INTRODUCTION The book of Jonah is categorized as a prophetic narrative but one that is different from the rest. Unlike other prophetic narratives where the emphasis is on “the prophet’s faithfulness to God’s call, and God’s approval and blessing,” we find a rebellious prophet confronting God in the book of Jonah. Nonetheless, the book has a profound message the author intends to convey to its readers which this study will uncover. Thus, the objective of this exposition paper is to understand Jonah 1 in the light of the overarching theological message of the book. This paper attempts to achieve its objective by proposing a literary analysis of Jonah 1 using four literary devices: plot analysis, character analysis, setting and points of view.
Additional evidence in support of Petrine authorship includes the acceptance of the letter by the early church. Sproul states that the “epistle was received in the very earliest times of Christian history, in the middle of the first century, as having come from Peter.” This is supported because some of the early church fathers made use of the letter which indicates their recognition of and acceptance of its source. If they doubted its source, it would have been natural for it to be rejected but “there is no evidence that anyone in the early church believed that the letter was written by anyone other than Peter.” John MacArthur while upholding Petrine authorship of the letter because of the attitude of the early church quoted the fourth century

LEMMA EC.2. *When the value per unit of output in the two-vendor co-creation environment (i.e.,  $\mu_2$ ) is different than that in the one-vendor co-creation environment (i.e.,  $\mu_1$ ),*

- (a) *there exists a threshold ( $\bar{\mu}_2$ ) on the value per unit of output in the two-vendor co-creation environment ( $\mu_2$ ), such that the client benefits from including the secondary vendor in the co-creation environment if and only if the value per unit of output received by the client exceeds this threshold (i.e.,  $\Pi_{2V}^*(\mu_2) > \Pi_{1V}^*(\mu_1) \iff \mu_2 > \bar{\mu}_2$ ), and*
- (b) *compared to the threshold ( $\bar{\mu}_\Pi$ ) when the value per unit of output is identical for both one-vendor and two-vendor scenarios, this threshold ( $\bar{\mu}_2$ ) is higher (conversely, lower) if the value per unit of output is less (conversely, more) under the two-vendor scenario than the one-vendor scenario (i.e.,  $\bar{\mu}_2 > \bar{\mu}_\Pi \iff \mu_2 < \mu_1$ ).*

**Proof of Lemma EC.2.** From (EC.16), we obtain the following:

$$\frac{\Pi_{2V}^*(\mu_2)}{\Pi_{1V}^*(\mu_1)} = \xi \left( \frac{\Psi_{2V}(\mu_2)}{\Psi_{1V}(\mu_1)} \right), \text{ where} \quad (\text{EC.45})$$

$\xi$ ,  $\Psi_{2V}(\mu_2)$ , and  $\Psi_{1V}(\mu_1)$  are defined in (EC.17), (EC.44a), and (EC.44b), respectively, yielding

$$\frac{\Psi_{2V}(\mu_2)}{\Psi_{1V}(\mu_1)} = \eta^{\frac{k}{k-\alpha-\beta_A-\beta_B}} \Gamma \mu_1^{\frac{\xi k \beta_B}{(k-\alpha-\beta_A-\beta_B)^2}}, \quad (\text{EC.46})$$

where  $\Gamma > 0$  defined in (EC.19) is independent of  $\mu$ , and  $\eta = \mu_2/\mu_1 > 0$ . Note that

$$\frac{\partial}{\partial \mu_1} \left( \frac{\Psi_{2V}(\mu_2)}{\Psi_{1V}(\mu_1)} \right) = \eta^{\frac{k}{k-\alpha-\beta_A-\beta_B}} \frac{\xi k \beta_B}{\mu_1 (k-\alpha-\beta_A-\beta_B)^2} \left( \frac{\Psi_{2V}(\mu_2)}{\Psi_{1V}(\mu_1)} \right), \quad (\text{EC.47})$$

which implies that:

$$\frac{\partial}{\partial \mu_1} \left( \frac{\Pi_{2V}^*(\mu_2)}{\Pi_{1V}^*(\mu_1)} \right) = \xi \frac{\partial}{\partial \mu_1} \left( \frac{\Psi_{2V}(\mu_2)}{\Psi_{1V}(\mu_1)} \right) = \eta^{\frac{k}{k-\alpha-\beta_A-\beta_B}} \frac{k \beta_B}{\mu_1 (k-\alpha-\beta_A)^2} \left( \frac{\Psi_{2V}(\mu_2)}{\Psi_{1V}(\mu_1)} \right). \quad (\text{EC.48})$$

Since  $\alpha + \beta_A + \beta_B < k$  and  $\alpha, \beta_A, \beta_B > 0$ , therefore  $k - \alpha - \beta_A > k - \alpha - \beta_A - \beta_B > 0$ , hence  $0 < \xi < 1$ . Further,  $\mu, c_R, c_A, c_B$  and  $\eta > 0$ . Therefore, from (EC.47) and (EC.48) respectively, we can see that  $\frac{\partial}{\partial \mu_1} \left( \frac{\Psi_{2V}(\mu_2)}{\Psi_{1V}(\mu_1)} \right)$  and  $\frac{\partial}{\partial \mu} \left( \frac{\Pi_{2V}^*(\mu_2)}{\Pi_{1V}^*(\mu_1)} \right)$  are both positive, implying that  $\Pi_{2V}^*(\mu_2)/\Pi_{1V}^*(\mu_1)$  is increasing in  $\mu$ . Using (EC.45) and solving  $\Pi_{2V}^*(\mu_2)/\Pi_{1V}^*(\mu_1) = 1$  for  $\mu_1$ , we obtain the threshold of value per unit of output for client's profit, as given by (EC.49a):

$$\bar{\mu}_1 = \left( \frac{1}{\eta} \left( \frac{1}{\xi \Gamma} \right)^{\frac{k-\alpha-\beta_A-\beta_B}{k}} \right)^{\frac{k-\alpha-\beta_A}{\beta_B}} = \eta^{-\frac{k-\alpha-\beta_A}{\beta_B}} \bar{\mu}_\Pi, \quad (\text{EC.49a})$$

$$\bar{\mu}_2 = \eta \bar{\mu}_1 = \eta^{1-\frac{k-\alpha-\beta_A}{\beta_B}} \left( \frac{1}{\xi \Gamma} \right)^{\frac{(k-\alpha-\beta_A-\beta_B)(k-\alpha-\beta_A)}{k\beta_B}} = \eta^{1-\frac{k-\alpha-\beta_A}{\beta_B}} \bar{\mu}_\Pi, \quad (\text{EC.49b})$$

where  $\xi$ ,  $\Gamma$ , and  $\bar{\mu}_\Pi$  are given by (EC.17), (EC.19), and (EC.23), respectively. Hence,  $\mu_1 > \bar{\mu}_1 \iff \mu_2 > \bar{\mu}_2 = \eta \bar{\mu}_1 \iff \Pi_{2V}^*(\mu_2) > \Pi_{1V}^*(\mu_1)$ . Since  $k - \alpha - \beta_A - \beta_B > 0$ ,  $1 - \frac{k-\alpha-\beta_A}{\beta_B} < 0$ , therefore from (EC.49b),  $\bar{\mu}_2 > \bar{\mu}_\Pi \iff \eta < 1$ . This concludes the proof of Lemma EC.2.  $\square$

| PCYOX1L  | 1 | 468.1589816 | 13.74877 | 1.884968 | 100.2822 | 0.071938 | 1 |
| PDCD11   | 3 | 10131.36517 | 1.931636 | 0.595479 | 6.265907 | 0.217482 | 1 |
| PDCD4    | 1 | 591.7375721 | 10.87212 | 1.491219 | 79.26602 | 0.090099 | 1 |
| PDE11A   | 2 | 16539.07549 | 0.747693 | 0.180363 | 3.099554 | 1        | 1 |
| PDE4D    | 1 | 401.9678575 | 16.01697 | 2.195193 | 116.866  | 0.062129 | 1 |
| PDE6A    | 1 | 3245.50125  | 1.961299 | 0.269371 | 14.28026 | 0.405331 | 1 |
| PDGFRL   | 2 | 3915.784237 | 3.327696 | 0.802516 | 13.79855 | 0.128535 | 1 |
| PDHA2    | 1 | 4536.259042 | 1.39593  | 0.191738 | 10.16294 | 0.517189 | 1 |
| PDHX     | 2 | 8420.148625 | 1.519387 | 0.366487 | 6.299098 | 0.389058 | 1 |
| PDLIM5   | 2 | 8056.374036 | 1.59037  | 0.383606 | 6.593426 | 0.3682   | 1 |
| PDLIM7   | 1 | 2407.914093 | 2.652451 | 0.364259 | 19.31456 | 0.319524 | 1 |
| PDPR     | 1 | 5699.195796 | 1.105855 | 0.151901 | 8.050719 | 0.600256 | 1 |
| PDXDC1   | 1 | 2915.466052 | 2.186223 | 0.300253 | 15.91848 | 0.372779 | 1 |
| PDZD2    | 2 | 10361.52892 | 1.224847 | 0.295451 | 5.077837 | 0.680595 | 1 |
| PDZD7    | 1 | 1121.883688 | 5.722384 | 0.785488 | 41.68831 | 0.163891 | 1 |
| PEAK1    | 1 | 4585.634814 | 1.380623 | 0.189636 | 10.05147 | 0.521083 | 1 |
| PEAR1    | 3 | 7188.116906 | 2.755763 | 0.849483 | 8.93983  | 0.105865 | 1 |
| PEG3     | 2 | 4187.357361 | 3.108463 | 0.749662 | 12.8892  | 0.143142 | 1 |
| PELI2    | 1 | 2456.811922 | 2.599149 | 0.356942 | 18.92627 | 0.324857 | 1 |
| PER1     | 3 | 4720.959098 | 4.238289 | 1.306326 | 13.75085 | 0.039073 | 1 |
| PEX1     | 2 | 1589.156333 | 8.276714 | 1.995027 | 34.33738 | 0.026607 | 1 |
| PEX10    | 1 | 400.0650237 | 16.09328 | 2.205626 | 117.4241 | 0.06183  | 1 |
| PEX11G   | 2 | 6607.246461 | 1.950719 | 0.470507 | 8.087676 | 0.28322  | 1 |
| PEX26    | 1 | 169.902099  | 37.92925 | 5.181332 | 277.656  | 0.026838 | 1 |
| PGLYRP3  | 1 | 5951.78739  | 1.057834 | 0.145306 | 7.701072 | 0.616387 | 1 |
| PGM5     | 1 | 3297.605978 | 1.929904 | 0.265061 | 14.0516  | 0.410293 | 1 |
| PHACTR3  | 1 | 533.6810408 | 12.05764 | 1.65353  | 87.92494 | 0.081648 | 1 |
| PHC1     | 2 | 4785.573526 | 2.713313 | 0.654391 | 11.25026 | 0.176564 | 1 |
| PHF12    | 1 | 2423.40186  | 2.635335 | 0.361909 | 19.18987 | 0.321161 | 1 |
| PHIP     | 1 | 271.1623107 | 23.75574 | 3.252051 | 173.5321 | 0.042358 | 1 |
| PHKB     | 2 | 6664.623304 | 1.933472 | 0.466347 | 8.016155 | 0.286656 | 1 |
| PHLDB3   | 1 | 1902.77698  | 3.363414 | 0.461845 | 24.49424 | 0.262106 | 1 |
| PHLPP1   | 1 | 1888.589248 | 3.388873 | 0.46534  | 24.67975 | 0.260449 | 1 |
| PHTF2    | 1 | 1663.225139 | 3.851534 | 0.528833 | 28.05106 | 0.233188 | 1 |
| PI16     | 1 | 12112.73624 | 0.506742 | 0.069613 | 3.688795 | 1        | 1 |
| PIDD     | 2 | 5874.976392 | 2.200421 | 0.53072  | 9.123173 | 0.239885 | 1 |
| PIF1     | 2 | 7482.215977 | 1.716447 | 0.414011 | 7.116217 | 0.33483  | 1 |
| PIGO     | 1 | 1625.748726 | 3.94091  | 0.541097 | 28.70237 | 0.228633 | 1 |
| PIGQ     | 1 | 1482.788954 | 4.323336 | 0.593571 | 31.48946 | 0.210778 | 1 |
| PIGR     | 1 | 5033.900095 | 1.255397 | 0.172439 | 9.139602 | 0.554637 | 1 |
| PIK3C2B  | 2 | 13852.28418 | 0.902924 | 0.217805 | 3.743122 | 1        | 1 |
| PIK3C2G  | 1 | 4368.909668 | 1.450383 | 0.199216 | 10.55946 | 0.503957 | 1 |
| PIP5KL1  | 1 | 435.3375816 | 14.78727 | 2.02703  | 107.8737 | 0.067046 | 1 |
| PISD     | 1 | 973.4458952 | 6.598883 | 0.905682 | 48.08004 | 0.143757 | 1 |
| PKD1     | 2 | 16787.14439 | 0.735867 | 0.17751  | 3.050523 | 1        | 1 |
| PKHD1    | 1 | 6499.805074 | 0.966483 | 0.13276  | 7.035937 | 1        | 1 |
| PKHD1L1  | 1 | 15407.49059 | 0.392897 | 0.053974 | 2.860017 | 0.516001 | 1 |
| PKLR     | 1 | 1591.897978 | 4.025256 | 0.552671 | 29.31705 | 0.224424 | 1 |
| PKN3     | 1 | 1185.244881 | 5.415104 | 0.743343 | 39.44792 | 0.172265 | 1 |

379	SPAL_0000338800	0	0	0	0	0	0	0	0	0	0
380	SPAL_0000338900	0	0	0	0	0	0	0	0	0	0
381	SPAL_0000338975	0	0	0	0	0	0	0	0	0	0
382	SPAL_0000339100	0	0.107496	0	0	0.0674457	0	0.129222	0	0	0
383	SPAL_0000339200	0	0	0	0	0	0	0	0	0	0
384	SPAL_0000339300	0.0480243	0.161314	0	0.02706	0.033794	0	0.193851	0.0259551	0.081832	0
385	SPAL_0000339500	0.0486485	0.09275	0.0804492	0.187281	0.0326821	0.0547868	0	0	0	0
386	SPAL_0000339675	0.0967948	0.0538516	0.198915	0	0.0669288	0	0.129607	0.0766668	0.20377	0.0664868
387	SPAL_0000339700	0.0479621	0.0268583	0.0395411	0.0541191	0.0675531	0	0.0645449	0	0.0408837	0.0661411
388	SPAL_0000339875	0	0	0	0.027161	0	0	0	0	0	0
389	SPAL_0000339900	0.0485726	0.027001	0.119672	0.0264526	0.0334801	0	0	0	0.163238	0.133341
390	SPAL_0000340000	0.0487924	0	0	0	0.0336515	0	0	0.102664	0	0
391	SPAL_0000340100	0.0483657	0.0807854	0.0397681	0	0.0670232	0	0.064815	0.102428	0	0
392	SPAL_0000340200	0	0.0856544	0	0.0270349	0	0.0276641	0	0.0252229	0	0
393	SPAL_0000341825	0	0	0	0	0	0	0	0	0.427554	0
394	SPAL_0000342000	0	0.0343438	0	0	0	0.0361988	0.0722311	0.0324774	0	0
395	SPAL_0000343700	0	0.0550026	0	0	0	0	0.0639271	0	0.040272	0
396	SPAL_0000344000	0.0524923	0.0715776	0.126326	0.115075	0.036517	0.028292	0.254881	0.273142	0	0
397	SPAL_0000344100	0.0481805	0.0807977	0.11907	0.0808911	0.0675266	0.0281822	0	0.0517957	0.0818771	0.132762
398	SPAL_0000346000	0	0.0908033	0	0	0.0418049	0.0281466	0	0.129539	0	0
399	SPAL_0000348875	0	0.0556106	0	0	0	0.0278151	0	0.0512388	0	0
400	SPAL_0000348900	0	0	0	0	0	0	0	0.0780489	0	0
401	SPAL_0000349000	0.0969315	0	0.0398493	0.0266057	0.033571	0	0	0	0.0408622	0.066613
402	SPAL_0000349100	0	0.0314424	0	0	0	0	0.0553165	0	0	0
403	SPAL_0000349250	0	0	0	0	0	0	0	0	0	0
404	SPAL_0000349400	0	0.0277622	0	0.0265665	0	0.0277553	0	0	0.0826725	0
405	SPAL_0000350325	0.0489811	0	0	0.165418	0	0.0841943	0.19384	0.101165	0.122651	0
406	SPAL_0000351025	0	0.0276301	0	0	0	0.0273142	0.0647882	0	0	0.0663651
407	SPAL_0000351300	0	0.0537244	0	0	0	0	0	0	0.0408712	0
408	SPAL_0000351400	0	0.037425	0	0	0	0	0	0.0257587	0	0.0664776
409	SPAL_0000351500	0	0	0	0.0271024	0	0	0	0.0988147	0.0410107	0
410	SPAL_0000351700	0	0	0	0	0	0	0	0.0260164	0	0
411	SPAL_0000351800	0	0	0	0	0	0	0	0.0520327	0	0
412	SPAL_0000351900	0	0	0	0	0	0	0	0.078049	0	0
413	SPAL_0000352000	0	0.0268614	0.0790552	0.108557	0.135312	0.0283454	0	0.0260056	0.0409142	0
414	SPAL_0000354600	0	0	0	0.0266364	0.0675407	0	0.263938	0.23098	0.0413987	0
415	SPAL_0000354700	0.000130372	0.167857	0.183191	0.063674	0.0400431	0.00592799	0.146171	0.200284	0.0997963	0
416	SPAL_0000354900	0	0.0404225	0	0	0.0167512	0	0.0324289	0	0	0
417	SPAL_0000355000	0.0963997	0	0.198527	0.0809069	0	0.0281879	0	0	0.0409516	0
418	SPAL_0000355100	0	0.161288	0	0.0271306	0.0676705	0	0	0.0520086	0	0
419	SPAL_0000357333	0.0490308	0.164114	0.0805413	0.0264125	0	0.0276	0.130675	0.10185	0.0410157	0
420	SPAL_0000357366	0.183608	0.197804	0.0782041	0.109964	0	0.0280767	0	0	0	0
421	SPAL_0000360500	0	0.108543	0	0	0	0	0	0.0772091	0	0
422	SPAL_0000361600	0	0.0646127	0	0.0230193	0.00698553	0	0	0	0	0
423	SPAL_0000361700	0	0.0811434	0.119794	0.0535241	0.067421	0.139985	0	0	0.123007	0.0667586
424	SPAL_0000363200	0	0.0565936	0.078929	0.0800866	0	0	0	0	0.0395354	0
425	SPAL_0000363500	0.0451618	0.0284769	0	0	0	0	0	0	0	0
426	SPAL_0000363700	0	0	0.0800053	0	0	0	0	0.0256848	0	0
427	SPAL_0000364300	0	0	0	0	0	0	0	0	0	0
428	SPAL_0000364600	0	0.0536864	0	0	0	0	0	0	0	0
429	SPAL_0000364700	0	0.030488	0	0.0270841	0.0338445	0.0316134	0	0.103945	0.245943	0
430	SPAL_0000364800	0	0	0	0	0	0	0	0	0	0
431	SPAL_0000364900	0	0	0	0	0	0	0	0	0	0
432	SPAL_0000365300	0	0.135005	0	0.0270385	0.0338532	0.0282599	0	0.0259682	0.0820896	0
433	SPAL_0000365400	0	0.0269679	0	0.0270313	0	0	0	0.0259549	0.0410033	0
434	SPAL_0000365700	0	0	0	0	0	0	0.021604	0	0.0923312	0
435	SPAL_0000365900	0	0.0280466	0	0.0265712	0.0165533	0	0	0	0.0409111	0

The bible itself disproves the theory that the three entities, God, Jesus and the Holy Spirit are three separate beings, operating together to bring the will of God to the world. Examining the first chapter and verse of the Gospel according to John, Trinitarians believe “The Word” is Jesus. One must remember this is simply an interpretation, or a version of the original text. Another statement in the text is chapter 10 verse 30, in which Jesus say’s “The Father and I are one”, furthering the claim that both Jesus and God the Father are one being. This saying, taken literally doesn’t make sense.
He never found peace in these practices. As he studied the Scriptures, he came across Romans 1:17, “The just shall live by faith.” The statement burst upon his consciousness like a light as he realized that he could never be saved by his works but needed to trust in God’s grace for the forgiveness of sins. He concluded that justification by faith is an act of God that makes the sinner righteous apart from his own works. Here, lies the difference between the Catholic and the Protestant conception.
Buttrick states: The idea of intention, not authorial, but in and of the language resentful the suspicion that sermonic speech should be designed to do in congregational consciousness. Language is per formative. It does something in human consciousness. In preaching, preachers re plot plots and re intend intentions for a new world in consciousness. The moves and plots, which produce different fields of understanding, should arise from the nature of scripture.